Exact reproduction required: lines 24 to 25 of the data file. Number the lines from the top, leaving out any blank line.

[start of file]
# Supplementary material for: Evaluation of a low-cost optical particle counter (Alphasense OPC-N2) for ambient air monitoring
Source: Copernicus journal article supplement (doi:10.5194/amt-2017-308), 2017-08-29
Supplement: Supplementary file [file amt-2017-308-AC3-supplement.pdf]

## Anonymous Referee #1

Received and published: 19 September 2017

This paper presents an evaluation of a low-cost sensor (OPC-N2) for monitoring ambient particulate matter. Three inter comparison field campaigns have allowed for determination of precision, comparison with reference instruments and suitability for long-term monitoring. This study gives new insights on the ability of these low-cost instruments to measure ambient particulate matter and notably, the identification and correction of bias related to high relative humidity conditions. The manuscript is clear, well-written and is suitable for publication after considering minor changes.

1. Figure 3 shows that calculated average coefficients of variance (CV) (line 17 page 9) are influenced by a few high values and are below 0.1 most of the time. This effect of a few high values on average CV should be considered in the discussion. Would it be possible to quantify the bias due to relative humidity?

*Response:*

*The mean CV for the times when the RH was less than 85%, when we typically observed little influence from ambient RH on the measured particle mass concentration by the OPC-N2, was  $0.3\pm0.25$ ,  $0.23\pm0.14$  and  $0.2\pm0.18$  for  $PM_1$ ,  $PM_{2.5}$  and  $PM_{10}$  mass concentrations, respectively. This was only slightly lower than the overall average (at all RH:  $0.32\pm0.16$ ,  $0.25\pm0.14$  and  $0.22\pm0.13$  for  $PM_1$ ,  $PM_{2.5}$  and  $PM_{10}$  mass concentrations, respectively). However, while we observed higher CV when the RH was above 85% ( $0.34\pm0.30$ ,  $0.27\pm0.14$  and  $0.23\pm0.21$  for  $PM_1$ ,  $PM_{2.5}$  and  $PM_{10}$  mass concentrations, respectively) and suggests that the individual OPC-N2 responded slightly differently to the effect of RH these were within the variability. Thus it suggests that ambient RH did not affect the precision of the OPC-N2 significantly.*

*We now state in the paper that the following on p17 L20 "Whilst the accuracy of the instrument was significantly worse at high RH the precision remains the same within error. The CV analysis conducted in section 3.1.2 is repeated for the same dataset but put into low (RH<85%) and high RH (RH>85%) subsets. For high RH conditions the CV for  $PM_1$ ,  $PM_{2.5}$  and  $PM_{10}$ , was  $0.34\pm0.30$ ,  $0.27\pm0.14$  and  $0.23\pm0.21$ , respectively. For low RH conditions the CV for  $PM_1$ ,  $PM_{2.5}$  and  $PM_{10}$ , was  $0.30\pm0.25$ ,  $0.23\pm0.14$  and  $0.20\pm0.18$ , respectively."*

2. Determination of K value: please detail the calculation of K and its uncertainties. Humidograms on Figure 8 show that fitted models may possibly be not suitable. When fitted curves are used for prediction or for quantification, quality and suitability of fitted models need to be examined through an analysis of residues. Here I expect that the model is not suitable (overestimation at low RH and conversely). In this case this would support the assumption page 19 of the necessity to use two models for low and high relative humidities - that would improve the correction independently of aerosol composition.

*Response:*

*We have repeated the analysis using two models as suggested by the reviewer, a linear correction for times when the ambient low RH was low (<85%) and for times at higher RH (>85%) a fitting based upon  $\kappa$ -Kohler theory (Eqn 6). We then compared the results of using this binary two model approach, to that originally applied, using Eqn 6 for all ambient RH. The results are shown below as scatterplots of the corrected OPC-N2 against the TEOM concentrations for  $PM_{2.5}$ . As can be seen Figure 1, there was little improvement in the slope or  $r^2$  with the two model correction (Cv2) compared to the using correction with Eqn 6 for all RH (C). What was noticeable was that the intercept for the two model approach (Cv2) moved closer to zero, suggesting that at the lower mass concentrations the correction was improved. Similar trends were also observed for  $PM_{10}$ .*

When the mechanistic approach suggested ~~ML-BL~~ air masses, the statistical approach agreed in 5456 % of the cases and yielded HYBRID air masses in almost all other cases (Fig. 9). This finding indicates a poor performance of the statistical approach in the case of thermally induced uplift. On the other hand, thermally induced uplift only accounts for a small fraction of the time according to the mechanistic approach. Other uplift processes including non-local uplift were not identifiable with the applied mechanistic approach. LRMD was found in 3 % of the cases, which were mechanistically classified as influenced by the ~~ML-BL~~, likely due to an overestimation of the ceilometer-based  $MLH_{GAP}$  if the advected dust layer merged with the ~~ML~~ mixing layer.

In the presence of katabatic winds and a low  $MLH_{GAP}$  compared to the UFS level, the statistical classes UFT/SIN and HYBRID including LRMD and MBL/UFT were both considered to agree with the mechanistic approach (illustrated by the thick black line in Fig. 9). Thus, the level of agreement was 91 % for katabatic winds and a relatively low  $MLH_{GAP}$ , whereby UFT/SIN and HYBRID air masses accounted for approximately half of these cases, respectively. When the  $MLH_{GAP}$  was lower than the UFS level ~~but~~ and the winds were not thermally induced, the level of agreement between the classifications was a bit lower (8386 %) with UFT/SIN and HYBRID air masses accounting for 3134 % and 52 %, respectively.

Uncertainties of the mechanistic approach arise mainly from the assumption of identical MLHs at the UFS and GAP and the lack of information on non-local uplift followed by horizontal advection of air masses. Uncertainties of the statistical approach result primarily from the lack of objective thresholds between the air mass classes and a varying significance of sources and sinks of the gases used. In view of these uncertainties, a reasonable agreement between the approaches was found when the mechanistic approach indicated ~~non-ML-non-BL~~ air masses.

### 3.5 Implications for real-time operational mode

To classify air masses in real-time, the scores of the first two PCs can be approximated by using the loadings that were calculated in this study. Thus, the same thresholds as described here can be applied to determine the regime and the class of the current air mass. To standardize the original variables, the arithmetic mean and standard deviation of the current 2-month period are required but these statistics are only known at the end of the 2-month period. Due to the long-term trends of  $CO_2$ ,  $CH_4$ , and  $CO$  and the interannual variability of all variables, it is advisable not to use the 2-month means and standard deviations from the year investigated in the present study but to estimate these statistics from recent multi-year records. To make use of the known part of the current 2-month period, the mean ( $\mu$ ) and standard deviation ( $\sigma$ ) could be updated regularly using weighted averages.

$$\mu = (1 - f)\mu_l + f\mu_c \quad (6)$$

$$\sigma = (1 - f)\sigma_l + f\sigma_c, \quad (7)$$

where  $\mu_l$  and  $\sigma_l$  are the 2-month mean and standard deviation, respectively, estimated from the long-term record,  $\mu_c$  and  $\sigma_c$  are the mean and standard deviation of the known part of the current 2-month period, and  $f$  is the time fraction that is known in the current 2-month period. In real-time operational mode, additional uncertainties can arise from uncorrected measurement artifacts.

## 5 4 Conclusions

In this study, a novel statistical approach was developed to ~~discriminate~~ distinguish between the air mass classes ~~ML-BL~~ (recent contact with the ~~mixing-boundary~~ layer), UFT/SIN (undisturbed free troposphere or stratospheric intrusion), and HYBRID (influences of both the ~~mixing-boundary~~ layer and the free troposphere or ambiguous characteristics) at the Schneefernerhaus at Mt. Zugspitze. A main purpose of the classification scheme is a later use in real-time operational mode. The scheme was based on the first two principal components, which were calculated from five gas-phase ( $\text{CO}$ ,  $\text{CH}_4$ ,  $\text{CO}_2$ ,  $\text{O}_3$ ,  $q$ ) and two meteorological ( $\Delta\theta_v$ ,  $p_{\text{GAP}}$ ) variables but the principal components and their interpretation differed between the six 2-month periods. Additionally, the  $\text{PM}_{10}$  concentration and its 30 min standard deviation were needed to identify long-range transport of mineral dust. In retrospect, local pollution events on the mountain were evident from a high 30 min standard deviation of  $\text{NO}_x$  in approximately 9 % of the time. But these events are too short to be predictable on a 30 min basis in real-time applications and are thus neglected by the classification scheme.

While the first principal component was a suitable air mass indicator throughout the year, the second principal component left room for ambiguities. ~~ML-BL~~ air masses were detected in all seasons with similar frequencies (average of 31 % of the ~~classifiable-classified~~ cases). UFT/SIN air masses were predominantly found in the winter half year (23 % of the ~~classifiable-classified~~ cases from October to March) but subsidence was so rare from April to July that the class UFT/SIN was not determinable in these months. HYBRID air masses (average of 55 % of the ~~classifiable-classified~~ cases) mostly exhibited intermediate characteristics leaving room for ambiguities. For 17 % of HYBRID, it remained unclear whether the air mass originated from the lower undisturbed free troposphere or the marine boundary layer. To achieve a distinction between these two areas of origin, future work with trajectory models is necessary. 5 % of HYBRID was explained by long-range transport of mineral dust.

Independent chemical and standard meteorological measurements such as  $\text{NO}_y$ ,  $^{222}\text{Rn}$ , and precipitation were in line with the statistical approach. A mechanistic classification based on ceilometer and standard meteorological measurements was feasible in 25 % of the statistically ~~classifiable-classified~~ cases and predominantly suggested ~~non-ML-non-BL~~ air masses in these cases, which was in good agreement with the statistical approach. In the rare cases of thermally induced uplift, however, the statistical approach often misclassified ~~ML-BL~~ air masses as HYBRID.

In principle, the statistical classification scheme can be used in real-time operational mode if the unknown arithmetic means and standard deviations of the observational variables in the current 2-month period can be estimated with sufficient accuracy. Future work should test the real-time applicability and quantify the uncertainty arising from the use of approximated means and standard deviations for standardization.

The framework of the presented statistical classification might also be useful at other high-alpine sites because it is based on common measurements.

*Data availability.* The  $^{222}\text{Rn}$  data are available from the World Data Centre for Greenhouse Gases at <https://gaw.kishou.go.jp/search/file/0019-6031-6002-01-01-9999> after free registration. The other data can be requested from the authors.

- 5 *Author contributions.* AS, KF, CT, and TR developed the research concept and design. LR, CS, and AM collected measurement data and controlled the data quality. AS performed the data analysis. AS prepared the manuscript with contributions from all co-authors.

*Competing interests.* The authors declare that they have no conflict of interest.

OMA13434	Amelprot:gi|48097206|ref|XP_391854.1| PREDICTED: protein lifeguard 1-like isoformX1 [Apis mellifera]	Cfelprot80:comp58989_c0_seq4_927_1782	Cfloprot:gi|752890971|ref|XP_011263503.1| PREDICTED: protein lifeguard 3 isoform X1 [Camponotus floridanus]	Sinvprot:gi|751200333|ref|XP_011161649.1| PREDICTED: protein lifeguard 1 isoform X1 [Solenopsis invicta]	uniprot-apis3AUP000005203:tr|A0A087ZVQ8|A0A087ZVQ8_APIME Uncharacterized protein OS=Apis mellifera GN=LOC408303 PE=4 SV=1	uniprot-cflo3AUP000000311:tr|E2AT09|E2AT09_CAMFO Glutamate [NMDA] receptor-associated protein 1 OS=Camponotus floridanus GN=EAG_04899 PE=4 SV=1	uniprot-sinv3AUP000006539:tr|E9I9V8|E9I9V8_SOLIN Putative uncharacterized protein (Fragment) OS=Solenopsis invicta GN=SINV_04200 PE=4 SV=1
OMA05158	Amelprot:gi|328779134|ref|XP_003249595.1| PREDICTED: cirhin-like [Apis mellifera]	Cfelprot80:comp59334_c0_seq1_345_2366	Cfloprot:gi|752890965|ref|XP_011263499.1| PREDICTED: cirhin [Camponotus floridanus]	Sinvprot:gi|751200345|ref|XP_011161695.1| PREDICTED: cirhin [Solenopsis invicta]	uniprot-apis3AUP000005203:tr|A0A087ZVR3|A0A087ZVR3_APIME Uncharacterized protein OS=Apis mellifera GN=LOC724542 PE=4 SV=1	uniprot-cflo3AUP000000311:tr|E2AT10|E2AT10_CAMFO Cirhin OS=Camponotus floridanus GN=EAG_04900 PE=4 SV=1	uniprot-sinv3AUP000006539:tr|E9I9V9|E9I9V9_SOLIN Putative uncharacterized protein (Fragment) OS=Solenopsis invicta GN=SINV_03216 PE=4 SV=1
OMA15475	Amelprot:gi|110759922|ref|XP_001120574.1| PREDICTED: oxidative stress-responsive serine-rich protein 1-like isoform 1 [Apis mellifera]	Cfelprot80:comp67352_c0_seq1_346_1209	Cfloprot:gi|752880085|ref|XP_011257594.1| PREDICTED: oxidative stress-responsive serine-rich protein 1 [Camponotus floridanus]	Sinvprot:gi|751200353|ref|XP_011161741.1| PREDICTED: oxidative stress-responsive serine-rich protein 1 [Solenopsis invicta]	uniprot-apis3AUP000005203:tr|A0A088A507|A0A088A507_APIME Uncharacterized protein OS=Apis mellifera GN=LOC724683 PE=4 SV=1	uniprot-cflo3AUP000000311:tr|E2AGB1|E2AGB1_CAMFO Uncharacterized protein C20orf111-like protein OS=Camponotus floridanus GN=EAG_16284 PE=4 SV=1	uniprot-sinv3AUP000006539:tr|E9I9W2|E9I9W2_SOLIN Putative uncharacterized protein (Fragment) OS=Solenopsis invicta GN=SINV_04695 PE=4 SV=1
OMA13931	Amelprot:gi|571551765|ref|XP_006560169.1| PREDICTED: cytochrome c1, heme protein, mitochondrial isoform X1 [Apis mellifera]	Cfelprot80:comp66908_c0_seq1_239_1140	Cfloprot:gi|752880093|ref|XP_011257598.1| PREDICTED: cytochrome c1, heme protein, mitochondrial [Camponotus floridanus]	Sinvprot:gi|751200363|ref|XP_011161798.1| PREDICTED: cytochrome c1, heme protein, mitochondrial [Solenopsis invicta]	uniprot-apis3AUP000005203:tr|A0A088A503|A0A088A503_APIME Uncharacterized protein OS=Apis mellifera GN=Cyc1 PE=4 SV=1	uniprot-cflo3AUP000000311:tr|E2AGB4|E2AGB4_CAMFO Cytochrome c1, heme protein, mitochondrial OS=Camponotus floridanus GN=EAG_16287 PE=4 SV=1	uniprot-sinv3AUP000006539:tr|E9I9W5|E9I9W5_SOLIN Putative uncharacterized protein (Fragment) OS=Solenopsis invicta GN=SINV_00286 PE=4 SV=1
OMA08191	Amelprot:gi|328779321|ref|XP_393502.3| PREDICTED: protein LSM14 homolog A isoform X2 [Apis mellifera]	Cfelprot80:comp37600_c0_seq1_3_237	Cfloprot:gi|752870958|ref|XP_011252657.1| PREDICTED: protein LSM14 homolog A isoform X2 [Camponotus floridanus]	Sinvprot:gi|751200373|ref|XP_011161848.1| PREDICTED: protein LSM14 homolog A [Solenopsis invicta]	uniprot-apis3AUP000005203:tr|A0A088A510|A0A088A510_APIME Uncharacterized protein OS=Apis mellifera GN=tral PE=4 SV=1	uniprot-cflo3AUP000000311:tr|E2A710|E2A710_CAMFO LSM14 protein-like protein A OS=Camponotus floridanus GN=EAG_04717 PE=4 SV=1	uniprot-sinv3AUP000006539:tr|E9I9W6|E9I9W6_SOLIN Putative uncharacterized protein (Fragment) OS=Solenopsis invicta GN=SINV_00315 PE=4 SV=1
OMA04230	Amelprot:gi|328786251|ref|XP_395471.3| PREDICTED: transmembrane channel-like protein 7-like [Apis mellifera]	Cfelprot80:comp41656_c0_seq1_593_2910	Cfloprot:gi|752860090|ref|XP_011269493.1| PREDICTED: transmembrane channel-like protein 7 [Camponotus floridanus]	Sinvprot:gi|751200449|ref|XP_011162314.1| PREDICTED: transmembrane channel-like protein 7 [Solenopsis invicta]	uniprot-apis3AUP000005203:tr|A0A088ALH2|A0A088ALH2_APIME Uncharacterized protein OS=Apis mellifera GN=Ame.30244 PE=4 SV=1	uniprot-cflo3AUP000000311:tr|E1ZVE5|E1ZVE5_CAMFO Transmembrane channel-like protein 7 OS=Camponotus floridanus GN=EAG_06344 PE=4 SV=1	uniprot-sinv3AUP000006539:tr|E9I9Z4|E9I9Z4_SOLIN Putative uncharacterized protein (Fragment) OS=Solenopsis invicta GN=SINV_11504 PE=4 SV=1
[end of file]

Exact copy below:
While the first principal component was a suitable air mass indicator throughout the year, the second principal component left room for ambiguities. ~~ML-BL~~ air masses were detected in all seasons with similar frequencies (average of 31 % of the ~~classifiable-classified~~ cases). UFT/SIN air masses were predominantly found in the winter half year (23 % of the ~~classifiable-classified~~ cases from October to March) but subsidence was so rare from April to July that the class UFT/SIN was not determinable in these months. HYBRID air masses (average of 55 % of the ~~classifiable-classified~~ cases) mostly exhibited intermediate characteristics leaving room for ambiguities. For 17 % of HYBRID, it remained unclear whether the air mass originated from the lower undisturbed free troposphere or the marine boundary layer. To achieve a distinction between these two areas of origin, future work with trajectory models is necessary. 5 % of HYBRID was explained by long-range transport of mineral dust.

Independent chemical and standard meteorological measurements such as  $\text{NO}_y$ ,  $^{222}\text{Rn}$ , and precipitation were in line with the statistical approach. A mechanistic classification based on ceilometer and standard meteorological measurements was feasible in 25 % of the statistically ~~classifiable-classified~~ cases and predominantly suggested ~~non-ML-non-BL~~ air masses in these cases, which was in good agreement with the statistical approach. In the rare cases of thermally induced uplift, however, the statistical approach often misclassified ~~ML-BL~~ air masses as HYBRID.